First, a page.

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Fiscal Risks In Mexico: An Imploding Paradox

Fiscal Risks In Mexico: An Imploding Paradox

MEXICO CITY — In an ever-increasing gallery of populist leaders, Andres Manuel López Obrador is a bit of a riddle. While he professes allegiance to the left wing of the political spectrum, he is also a fiscal hawk. I have long argued that eventually, AMLO would have to solve this inextricable contradiction: you cannot be Thatcher and Mitterrand at the same time.

I had also assumed that eventually the needle would move towards a bigger government. At about 25% of gross domestic product (GDP), government expenditure in Mexico is relatively small when compared with Brazil’s 38%, according to data for 2020 by the International Monetary Fund. Moreover, the country’s income and regional disparities are painfully wide. The stage was thus set for a social-democratic solution to AMLO´s dilemma, particularly as his ample political capital would allow him to increase revenues via a tax reform.

Yet, neither the pandemic, nor the third change at the helm of the Ministry of Finance have led to a change of course. The substitution of Arturo Herrera by Rogelio Ramirez de la O (RRO) had little to do with preparing the ground for changes on the revenue side. The 2022 budget proposal assumes total and tax revenues at 21.9% and 14% of GDP, respectively, with optimistic assumptions about GDP growth (4.1%) and tax-collection gains (up 6.4% y/y in real terms). Moreover, as it has been customary, the oil production estimate at 1.8 million barrels per day remains stubbornly upbeat.

In terms of fiscal balances, a welcome change under RRO is the projection of a slight primary deficit (0.3% of GDP), a preferable scenario to the practice under Herrera of claiming you were reaching fiscal balance while drawing down trust and funds held by the government.

Broadly speaking though, on the fiscal front things are unlikely to change substantially in the second half of AMLO´s administration. What are the costs of staying in this course? They involve the quality of expenditure: the government might not spend more than previous administrations, but it does spend significantly worse.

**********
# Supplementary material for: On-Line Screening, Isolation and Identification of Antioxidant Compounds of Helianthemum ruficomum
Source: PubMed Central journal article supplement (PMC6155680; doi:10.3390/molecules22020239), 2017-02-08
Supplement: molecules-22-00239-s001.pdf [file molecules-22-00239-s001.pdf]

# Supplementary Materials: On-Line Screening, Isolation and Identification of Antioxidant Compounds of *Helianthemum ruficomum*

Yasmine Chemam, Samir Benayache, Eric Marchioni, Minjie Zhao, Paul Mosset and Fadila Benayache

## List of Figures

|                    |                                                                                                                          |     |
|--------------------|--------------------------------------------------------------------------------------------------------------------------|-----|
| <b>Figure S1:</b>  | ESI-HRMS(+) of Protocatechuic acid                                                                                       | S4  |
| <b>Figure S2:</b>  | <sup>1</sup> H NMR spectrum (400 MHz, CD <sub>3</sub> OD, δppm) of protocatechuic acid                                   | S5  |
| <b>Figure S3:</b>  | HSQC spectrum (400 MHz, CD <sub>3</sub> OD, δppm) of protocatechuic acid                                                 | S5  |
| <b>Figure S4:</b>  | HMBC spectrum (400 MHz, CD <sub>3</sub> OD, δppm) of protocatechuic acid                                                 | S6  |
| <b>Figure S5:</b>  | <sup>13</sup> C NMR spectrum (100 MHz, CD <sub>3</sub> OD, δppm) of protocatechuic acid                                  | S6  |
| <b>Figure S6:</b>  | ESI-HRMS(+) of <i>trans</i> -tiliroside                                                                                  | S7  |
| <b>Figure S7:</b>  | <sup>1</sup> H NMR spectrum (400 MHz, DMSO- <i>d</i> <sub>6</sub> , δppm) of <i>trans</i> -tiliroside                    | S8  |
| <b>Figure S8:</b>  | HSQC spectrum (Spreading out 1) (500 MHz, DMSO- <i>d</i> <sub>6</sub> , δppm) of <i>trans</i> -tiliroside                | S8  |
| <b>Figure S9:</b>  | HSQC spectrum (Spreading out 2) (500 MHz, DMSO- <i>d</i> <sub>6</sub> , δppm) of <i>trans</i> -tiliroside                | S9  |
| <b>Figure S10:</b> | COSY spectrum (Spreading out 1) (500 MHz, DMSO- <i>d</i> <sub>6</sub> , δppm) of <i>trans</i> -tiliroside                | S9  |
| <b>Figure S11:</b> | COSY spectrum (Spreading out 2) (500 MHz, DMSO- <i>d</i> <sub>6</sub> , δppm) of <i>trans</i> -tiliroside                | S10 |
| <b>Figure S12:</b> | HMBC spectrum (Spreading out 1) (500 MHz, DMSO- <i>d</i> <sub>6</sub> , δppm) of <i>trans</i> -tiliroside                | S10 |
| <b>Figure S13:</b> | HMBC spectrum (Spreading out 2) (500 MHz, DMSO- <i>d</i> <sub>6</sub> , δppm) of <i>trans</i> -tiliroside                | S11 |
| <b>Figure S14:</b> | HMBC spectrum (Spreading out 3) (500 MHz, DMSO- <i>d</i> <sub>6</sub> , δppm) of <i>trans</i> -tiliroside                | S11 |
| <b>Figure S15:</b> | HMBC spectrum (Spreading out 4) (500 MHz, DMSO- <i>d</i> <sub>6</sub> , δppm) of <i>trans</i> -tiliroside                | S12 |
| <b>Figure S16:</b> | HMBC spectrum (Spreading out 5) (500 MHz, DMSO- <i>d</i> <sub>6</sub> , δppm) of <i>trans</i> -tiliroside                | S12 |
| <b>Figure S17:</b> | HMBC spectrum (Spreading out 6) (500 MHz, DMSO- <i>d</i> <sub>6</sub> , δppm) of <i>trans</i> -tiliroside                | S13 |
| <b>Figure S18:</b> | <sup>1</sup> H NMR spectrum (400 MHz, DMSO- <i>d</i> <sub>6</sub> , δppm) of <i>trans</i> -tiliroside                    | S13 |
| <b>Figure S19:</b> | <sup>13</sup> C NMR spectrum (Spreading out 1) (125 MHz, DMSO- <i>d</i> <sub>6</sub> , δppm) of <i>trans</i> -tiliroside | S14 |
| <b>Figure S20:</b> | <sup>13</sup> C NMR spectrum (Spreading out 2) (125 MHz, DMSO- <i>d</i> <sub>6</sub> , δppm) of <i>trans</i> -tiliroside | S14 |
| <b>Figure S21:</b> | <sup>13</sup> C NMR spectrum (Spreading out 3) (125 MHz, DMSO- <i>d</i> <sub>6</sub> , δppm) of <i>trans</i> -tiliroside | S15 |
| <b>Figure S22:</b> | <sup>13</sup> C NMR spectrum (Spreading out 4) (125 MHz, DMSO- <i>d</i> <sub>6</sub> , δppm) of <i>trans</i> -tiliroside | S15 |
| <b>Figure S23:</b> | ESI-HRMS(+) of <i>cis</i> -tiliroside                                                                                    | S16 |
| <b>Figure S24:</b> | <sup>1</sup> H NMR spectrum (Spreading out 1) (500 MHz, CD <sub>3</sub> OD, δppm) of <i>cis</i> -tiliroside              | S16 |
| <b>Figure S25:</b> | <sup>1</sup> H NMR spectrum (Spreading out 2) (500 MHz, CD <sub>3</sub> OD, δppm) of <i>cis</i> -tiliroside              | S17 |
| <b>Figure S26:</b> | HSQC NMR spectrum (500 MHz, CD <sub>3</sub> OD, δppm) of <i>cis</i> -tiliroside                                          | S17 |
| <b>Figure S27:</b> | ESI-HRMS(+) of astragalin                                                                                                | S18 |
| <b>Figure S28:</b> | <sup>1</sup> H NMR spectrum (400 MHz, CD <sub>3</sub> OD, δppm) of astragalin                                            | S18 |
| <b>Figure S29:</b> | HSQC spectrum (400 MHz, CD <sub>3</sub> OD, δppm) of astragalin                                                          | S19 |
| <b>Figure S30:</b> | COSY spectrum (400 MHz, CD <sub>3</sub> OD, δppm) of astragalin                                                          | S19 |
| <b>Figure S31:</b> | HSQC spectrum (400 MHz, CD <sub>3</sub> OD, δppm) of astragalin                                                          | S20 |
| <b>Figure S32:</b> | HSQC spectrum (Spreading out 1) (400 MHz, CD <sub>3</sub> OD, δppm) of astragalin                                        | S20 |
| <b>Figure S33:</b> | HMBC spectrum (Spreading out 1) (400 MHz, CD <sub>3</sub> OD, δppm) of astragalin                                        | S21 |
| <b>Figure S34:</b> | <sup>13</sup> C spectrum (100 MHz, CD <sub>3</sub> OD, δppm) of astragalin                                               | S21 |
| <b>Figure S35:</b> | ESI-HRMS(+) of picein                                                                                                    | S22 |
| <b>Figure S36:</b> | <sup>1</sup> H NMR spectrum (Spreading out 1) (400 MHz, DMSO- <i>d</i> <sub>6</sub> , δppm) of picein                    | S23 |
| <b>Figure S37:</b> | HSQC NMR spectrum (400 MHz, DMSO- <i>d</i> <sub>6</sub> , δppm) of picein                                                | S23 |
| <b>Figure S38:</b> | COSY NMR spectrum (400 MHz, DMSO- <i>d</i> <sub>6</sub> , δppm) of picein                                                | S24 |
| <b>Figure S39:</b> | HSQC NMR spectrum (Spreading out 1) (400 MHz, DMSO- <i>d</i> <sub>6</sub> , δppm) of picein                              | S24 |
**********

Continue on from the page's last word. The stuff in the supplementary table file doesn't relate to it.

AMLO’s reasonable call for fiscal austerity in 2018 has morphed into a palpable deterioration of government’s managerial capabilities only three years later. A cap on salaries – nobody can earn more than the President – as well as a reduction in the number of up- and mid-level officials is politically popular but begs the question on whether the government has the required human resources to perform its most inherent and pressing functions.

Unfortunately, we have found out that for a President who abhors technocrats, the solution has been to fill the posts with political allies, irrespective of expertise on the subjects. Mexico’s bureaucratic apparatus thus no longer has a spine and discretionary decisions made at the top go uncontested and are poorly executed.

The case of the energy sector is well known, and the 2022 budget proposal allocates a hefty 21% of total programmable spending to Petroleos Mexicanos, PEMEX, and to the power conglomerate Comision Federal de Electricidad, known as CFE, two monopolies mired by mismanagement.

But those cases are not unique: social policy is no longer driven by means-tested targeted interventions and increasingly reflects AMLO´s penchant for universal pension schemes as well as for his flagship initiatives, such as “Youths Building the Future”.

Accordingly, recent income and expenditure surveys by INEGI show that social transfers to the richest 50% of households rose 114% between 2018 and 2020 vs. a 17% gain for the poorer half. The improvised replacement of the universal health-care scheme (Seguro Popular) by a new institute that attempts to re-centralize these functions (INSABI) left 15.6 million Mexicans without basic health-care services as COVID-19 was dangerously looming backstage.

We therefore have to live with the paradox of a strong President leading a weakened state. However, the bond vigilantes can relax as a sudden turn for the worse in the fiscal front is unlikely. The unbearable reality is that economic growth and government effectiveness become the adjusting variables, and the extent of their deterioration will take longer to become evident. Mexico´s fiscal risks are not of explosion, but of implosion.


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